HTTP State Management Mechanism (RFC2965)
Original Publication Date: 2000-Oct-01
Included in the Prior Art Database: 2019-Feb-12
Internet Society Requests For Comment (RFCs)
D. Kristol: AUTHOR [+1]
This document specifies a way to create a stateful session with Hypertext Transfer Protocol (HTTP) requests and responses. [STANDARDS-TRACK]
Network Working Group D. Kristol Request for Comments: 2965 Bell Laboratories, Lucent Technologies Obsoletes: 2109 L. Montulli Category: Standards Track Epinions.com, Inc. October 2000
HTTP State Management Mechanism
Status of this Memo
This document specifies an Internet standards track protocol for the Internet community, and requests discussion and suggestions for improvements. Please refer to the current edition of the "Internet Official Protocol Standards" (STD 1) for the standardization state and status of this protocol. Distribution of this memo is unlimited.
Copyright (C) The Internet Society (2000). All Rights Reserved.
The IESG notes that this mechanism makes use of the .local top-level domain (TLD) internally when handling host names that don’t contain any dots, and that this mechanism might not work in the expected way should an actual .local TLD ever be registered.
This document specifies a way to create a stateful session with Hypertext Transfer Protocol (HTTP) requests and responses. It describes three new headers, Cookie, Cookie2, and Set-Cookie2, which carry state information between participating origin servers and user agents. The method described here differs from Netscape’s Cookie proposal [Netscape], but it can interoperate with HTTP/1.0 user agents that use Netscape’s method. (See the HISTORICAL section.)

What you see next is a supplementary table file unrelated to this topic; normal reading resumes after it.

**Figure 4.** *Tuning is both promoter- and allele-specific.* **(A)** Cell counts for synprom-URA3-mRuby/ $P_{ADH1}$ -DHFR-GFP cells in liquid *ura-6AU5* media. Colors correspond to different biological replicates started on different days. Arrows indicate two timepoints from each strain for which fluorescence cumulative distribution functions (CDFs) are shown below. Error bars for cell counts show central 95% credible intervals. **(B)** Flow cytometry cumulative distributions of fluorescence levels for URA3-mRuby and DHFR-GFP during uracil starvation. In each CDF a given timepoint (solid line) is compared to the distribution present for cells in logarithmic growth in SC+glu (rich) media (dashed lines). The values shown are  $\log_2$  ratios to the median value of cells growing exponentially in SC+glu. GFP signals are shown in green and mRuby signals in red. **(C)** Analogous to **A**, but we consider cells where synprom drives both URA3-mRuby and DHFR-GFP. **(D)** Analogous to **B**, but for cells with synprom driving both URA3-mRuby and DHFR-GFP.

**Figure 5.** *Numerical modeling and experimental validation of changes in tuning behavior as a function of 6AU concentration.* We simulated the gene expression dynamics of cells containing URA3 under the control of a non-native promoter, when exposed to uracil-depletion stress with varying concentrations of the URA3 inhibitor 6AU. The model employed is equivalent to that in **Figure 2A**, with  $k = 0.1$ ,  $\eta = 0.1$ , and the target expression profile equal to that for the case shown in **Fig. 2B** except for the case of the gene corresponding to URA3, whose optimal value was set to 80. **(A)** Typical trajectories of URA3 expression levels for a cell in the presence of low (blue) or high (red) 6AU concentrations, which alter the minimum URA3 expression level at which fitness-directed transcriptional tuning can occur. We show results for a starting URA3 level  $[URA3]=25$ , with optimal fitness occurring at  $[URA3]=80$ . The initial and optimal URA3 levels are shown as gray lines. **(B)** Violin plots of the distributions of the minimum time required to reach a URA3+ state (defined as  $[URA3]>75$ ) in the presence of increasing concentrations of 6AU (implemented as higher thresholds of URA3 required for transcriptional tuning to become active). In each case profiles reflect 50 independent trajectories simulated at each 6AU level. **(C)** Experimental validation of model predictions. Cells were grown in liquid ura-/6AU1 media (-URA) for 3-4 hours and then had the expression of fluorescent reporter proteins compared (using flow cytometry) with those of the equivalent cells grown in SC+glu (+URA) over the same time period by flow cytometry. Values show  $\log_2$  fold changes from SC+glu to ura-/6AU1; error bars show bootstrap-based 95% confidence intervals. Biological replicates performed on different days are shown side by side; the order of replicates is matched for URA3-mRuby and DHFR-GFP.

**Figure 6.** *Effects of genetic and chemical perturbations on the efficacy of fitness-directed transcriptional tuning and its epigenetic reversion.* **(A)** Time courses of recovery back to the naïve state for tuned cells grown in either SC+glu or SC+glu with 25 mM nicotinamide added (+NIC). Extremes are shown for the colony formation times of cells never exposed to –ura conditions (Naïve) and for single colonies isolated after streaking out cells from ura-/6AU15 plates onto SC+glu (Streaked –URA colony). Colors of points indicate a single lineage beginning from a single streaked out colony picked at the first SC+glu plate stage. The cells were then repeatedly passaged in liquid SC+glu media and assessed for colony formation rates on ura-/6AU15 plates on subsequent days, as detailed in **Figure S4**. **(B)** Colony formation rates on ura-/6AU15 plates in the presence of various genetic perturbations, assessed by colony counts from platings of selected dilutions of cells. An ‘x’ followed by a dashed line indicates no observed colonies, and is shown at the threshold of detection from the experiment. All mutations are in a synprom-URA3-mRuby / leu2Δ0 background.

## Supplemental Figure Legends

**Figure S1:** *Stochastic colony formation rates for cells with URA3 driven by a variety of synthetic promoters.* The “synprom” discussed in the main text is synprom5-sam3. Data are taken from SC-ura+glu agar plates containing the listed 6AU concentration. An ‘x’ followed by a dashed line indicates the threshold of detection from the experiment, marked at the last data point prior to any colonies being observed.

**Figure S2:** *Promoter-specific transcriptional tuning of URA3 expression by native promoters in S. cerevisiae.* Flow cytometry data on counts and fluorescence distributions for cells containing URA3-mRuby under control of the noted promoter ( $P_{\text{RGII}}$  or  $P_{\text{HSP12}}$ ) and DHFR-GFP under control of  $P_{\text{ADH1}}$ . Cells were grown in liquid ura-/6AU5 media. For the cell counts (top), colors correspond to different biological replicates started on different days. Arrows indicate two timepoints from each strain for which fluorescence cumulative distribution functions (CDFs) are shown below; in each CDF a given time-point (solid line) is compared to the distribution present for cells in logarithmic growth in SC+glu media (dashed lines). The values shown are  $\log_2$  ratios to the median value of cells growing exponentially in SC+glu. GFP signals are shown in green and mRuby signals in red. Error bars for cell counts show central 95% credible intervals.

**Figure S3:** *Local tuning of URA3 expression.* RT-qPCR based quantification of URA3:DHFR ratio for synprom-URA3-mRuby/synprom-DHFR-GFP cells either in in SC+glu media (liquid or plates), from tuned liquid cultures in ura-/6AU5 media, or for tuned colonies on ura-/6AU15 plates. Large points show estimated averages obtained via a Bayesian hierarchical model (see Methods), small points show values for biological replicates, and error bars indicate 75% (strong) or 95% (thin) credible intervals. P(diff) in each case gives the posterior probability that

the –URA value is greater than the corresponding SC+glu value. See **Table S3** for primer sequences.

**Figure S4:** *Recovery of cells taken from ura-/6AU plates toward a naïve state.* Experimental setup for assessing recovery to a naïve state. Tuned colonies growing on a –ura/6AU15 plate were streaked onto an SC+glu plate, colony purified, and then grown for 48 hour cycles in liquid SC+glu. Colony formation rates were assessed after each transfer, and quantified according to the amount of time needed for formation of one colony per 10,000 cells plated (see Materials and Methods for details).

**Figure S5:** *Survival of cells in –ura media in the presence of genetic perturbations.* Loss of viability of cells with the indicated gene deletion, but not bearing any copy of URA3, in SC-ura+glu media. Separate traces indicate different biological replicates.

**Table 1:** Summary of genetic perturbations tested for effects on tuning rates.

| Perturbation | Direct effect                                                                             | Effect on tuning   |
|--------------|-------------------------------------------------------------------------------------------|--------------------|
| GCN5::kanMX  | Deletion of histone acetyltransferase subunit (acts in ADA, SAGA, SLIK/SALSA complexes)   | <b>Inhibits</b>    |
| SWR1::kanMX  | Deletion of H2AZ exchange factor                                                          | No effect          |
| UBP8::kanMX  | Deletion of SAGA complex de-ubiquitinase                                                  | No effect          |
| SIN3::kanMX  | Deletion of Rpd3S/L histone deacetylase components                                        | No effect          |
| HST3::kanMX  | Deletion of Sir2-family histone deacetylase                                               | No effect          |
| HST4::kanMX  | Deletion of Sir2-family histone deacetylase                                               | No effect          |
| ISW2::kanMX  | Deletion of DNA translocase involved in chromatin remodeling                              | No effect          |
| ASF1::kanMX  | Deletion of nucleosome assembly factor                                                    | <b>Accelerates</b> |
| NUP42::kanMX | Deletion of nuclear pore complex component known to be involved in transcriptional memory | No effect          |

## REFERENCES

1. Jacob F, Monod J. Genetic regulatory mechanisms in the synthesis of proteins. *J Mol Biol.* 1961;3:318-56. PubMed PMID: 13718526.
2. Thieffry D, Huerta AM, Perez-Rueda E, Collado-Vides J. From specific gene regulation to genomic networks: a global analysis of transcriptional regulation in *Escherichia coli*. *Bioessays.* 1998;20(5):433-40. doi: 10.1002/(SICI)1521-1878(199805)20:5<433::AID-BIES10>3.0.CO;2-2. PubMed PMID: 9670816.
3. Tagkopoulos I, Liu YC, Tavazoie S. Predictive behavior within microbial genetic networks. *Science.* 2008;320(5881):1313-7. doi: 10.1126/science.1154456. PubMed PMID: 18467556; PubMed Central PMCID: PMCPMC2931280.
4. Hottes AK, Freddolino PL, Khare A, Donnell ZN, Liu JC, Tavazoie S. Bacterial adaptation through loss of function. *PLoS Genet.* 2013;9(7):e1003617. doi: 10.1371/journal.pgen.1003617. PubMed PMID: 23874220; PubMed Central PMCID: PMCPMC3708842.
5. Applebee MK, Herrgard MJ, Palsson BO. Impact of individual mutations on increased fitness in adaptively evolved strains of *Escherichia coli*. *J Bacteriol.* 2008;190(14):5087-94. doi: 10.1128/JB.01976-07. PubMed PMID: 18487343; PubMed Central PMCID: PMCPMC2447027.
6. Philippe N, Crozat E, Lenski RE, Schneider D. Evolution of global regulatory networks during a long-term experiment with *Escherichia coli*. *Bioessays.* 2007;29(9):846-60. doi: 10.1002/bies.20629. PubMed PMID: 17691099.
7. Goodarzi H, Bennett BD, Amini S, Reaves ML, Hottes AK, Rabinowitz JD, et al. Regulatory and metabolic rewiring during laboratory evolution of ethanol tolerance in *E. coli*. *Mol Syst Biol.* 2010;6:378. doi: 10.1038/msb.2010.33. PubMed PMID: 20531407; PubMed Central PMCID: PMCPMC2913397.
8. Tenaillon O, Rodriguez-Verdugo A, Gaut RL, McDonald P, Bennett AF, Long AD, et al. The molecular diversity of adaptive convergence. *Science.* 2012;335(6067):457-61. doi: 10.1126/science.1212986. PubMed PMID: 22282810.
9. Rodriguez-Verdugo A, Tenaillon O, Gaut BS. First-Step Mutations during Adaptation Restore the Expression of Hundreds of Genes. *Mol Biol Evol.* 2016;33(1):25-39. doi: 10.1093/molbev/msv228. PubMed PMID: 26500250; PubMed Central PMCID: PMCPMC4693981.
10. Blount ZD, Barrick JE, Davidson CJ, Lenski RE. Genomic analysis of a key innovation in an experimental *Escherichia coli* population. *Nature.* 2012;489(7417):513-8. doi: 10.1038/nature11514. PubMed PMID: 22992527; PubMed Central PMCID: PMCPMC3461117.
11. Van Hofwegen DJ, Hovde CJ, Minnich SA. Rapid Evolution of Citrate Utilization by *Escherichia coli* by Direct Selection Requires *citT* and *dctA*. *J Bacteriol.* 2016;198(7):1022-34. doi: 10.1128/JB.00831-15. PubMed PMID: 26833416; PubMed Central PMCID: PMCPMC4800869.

This document reflects implementation experience with RFC 2109 and obsoletes it.
The terms user agent, client, server, proxy, origin server, and http_URL have the same meaning as in the HTTP/1.1 specification [RFC2616]. The terms abs_path and absoluteURI have the same meaning as in the URI Syntax specification [RFC2396].
Kristol & Montulli Standards Track [Page 1]
RFC 2965 HTTP State Management Mechanism October 2000
Host name (HN) means either the host domain name (HDN) or the numeric Internet Protocol (IP) address of a host. The fully qualified domain name is preferred; use of numeric IP addresses is strongly discouraged.
The terms request-host and request-URI refer to the values the client would send to the server as, respectively, the host (but not port) and abs_path portions of the absoluteURI (http_URL) of the HTTP request line. Note that request-host is a HN.
The term effective host name is related to host name. If a host name contains no dots, the effective host name is that name with the string .local appended to it. Otherwise the effective host name is the same as the host name. Note that all effective host names contain at least one dot.
The term request-port refers to the port portion of the absoluteURI (http_URL) of the HTTP request line. If the absoluteURI has no explicit port, the request-port is the HTTP default, 80. The request-port of a cookie is the request-port of the request in which a Set-Cookie2 response header was returned to the user agent.
Host names can be specified either as an IP address or a HDN string. Sometimes we compare one host name w...